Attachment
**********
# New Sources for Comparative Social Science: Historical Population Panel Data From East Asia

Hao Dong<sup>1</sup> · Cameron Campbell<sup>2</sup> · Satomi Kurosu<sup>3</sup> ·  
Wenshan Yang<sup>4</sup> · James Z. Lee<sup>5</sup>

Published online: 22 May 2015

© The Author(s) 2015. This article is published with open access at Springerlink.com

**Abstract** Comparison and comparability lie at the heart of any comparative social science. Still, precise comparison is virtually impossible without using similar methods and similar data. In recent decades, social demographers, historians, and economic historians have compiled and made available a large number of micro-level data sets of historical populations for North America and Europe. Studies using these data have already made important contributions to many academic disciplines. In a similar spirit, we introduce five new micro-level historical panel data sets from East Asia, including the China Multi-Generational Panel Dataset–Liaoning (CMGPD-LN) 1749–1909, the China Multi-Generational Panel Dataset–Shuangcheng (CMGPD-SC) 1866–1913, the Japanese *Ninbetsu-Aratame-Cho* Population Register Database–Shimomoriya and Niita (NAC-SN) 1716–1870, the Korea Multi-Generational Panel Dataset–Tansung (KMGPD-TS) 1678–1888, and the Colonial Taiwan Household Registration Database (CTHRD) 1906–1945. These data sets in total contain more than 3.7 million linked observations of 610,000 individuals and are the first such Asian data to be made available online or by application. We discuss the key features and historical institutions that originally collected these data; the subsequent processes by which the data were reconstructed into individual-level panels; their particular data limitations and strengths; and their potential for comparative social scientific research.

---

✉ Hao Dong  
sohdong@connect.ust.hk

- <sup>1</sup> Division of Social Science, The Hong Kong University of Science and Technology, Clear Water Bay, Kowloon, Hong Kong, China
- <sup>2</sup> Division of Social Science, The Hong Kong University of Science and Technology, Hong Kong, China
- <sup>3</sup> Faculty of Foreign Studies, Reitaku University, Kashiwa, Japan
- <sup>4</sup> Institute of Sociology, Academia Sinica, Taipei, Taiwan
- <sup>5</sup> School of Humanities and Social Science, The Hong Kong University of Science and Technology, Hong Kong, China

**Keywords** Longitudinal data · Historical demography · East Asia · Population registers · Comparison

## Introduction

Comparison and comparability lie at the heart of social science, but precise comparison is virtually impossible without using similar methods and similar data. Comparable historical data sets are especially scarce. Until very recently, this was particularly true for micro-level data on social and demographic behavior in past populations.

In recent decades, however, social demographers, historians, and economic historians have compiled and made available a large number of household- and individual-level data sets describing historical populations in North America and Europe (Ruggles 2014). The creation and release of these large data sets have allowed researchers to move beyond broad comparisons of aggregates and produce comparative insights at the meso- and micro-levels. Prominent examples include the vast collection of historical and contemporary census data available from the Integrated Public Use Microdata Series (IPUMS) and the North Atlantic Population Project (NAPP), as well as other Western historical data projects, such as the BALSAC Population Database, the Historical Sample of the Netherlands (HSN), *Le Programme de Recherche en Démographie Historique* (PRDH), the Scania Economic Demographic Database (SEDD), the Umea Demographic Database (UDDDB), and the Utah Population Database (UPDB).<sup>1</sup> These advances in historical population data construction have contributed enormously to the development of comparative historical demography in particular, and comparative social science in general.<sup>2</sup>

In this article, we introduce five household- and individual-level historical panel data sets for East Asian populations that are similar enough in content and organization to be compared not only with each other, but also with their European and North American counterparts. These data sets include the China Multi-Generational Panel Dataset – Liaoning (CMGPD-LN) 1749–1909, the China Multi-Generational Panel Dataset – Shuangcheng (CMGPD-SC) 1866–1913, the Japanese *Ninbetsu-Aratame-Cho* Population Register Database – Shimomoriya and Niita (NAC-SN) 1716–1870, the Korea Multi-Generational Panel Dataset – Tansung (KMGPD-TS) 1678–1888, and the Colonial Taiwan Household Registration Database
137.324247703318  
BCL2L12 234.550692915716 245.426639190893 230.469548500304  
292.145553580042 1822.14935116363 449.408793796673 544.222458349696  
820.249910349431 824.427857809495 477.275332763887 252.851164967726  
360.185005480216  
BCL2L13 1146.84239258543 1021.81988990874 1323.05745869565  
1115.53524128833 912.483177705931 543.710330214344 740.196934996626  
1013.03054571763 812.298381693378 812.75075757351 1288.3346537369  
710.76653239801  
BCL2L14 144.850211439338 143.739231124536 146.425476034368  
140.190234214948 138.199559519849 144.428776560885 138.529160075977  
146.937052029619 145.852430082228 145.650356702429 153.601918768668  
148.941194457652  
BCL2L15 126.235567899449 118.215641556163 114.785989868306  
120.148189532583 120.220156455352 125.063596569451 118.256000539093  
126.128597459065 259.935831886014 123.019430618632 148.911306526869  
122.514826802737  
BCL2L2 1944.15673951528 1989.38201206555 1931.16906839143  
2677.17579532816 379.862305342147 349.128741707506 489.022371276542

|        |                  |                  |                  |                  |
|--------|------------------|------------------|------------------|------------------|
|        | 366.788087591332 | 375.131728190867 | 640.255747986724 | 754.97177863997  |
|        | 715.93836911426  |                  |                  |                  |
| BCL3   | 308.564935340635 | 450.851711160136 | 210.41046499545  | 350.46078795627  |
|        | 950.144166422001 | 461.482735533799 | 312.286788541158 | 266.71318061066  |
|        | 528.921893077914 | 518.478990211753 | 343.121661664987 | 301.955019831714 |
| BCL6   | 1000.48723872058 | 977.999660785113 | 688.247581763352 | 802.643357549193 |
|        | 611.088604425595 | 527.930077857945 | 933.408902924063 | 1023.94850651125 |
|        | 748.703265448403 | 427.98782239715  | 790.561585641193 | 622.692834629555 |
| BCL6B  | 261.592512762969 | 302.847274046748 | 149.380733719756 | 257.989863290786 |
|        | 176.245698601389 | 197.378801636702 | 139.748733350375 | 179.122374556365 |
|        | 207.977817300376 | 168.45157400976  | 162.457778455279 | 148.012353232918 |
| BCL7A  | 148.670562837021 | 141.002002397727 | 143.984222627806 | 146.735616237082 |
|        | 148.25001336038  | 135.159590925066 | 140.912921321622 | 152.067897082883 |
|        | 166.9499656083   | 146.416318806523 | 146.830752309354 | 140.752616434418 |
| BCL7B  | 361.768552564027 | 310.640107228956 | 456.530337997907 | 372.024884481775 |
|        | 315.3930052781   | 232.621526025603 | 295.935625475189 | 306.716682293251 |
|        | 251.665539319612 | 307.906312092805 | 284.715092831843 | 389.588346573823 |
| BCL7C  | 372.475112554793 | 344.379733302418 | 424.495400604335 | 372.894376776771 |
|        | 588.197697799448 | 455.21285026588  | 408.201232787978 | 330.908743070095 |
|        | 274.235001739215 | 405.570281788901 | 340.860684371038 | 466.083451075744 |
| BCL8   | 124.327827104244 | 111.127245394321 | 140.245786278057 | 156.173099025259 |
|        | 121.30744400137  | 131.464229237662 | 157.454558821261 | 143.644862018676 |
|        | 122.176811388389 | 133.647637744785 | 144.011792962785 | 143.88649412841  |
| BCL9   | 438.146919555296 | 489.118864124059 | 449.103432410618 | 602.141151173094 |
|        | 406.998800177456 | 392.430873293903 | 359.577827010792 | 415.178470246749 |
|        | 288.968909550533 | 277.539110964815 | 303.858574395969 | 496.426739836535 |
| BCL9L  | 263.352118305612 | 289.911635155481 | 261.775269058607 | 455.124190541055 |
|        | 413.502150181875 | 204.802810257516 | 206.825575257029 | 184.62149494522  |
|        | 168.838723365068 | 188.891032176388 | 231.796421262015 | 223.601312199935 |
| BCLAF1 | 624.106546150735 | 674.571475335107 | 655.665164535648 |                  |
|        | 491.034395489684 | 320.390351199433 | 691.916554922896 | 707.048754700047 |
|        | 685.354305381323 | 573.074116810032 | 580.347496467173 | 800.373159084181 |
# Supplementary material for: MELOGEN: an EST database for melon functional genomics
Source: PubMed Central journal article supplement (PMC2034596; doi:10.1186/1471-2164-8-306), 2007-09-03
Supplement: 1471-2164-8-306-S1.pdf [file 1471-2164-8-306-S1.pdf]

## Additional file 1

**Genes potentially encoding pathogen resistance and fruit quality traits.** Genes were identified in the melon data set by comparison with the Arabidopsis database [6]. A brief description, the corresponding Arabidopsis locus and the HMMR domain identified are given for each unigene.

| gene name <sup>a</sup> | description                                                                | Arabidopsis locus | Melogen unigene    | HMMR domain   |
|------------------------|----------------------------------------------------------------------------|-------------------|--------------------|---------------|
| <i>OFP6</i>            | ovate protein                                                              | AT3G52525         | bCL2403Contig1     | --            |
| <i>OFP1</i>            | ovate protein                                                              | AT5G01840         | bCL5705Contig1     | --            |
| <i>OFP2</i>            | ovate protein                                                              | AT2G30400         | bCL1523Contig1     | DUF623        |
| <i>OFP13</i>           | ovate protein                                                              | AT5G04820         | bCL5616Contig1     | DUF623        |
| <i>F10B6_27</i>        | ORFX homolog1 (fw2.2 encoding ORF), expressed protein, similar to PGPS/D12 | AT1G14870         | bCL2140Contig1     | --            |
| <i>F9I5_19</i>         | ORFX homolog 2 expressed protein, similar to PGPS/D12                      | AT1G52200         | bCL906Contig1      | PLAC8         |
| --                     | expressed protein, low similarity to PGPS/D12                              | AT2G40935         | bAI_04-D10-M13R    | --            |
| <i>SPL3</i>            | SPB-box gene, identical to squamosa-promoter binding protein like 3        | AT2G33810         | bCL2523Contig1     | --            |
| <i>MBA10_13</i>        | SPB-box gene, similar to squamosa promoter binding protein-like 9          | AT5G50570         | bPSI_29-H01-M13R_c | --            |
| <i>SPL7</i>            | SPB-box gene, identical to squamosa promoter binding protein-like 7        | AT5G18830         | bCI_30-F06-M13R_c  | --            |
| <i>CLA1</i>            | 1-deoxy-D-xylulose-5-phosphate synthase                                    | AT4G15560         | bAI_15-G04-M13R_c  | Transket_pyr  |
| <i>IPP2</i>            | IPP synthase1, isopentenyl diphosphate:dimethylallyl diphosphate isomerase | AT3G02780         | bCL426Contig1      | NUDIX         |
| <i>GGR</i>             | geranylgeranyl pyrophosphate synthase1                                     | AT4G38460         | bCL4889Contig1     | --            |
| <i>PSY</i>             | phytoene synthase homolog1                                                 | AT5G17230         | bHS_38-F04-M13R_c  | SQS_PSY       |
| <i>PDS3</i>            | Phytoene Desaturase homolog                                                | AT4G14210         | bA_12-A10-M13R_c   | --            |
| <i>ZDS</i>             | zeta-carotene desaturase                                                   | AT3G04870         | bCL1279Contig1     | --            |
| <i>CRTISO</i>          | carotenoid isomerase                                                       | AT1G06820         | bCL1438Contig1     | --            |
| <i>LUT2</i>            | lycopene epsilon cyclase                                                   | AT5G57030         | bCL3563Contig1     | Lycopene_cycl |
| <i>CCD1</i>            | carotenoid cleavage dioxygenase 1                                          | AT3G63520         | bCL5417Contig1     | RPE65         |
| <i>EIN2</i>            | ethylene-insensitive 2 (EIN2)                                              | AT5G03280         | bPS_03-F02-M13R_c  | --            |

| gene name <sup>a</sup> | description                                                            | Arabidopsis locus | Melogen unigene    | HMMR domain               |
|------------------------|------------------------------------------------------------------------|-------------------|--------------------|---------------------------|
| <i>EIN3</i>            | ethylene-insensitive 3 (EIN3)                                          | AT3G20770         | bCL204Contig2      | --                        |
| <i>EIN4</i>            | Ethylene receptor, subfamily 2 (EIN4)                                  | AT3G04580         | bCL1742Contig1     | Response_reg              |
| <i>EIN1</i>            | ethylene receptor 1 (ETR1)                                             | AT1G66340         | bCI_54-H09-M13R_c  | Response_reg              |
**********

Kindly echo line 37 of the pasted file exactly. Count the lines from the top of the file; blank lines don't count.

BCL2L2 1944.15673951528 1989.38201206555 1931.16906839143  